The Auschwitz Memorial has objected to a scene in a new TV series that shows a murderous game of human chess being played, insisting that no such thing took place at the camp.
The museum that guards the Auschwitz site, its historic facts and the memory of the victims tweeted about the scene in Amazon’s series Hunters.
It said inventing fake scenes is “dangerous foolishness and caricature”.
Museum spokesman Pawel Sawicki said on Monday that authors and artists have a special obligation to tell the truth about Auschwitz, and that the Hunters authors did not contact the museum for facts.
Hunters is about a post-war hunt in New York for Nazi war criminals. It includes a scene where inmates are figures in a chess game and are killed when they are taken off the chessboard.
“This is false. There was no such thing,” Mr Sawicki said.
“If anyone wants to show human tragedy in Auschwitz, it is enough to reach for the thousands of sources (survivors’ testimonies) that are deeply shocking, but creating fiction that distorts the history of this real place is disrespectful of the people who suffered here,” Mr Sawicki told The Associated Press.
The series’ creator David Weil stressed in a statement it was not a documentary but a narrative with largely fictional characters.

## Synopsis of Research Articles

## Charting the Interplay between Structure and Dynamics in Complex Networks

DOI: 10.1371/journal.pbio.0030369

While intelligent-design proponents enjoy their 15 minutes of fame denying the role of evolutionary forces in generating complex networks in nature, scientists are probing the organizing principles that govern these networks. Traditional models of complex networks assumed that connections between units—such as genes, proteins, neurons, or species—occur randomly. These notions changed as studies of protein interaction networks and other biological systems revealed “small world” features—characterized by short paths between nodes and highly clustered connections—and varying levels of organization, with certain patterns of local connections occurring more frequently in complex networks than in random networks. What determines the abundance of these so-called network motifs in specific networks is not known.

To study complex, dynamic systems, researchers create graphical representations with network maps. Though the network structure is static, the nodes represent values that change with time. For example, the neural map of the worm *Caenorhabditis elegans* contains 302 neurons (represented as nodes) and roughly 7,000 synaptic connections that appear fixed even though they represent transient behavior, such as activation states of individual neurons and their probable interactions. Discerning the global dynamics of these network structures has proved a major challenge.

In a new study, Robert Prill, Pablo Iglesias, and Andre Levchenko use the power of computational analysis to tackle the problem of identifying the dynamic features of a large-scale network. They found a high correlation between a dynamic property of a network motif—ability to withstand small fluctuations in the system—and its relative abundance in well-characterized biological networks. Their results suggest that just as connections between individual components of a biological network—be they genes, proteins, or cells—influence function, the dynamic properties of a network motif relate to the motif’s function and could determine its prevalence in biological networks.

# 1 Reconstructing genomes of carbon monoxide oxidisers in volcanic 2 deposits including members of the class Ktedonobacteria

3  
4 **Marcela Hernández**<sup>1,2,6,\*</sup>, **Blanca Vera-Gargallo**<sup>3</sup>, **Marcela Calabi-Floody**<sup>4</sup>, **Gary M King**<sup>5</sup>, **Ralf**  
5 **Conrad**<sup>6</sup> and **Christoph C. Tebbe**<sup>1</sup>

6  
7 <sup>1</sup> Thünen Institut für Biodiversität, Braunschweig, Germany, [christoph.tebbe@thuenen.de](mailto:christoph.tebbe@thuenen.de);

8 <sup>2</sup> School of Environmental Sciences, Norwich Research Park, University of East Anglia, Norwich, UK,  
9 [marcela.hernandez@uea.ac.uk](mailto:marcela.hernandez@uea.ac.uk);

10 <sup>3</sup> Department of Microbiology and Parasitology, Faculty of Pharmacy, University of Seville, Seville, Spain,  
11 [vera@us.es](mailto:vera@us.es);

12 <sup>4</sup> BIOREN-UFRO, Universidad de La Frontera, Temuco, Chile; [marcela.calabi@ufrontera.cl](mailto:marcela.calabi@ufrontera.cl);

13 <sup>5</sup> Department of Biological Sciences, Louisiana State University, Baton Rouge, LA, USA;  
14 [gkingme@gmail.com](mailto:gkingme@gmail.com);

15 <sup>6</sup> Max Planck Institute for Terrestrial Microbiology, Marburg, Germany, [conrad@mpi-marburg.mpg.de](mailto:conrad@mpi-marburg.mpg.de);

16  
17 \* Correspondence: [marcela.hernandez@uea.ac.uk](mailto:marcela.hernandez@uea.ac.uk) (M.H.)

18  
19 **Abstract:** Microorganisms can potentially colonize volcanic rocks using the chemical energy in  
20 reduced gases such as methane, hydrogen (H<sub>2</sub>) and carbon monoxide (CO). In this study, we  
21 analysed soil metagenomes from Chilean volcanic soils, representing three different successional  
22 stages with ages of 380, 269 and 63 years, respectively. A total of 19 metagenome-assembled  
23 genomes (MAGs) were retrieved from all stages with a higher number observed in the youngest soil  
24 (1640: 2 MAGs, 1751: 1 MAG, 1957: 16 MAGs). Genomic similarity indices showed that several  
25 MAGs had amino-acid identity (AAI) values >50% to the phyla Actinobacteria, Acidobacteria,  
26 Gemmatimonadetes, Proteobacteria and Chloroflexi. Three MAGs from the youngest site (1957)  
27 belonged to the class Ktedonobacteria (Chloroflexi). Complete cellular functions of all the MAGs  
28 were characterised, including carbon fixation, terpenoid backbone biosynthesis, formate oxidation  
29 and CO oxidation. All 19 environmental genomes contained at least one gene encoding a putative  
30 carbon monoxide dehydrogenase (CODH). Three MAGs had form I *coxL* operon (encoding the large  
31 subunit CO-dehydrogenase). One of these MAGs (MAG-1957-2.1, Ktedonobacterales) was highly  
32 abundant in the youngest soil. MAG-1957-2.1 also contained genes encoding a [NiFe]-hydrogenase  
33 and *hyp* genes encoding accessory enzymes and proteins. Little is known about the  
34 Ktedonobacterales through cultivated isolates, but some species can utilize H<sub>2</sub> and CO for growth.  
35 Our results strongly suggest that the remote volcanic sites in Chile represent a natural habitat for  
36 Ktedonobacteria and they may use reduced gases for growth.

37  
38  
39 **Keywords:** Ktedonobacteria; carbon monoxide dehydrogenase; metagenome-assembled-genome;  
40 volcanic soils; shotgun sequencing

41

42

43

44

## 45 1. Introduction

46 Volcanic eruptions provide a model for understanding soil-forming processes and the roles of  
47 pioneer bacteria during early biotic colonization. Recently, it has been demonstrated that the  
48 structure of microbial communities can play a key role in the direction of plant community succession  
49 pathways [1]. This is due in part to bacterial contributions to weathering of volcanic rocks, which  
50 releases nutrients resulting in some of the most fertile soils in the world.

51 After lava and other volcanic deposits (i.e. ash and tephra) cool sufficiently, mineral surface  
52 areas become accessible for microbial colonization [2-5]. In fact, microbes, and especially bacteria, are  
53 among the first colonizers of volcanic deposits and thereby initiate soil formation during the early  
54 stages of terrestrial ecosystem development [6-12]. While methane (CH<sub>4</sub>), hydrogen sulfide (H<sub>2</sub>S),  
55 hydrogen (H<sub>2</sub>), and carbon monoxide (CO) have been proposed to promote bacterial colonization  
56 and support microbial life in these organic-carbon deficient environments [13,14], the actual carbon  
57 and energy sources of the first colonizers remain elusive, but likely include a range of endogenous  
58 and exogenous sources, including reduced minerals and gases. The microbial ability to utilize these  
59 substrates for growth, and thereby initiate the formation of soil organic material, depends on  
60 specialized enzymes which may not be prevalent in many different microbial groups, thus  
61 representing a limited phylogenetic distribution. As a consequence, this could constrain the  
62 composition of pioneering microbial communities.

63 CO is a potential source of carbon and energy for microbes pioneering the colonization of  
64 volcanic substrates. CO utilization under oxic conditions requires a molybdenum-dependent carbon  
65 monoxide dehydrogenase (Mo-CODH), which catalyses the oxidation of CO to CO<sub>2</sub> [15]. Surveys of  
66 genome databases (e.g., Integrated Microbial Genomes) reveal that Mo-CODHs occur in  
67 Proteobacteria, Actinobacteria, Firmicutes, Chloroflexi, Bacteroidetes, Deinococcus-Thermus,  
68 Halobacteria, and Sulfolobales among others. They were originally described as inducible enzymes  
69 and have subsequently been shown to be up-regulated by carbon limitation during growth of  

As a grandson of Holocaust survivors, Weil said he was careful not to “misrepresent a real person or borrow from a specific moment in an actual person’s life”.
In his statement, he thanked the Auschwitz Memorial for “keeping the memory of victims and survivors like my grandmother, Sara Weil, alive,” and expressed hope for a further dialogue to that purpose.
Karen Pollock, chief executive of the Holocaust Educational Trust, said on Tuesday: “Why have they chosen to portray such a grotesque, disturbing and above all inaccurate scene at Auschwitz, the place of systematic mass slaughter where over 1 million were murdered.
“Wasn’t it horrific enough?
“By straying so far from the truth, it allows for Holocaust distortion and falsehoods to spread while undermining the very people who suffered there. At a time when our eyewitnesses are fewer and frailer we need to defend the truth of the past and not sensationalise in the interest of art.“
Karen Pollock MBE, Chief Executive, Holocaust Educational Trust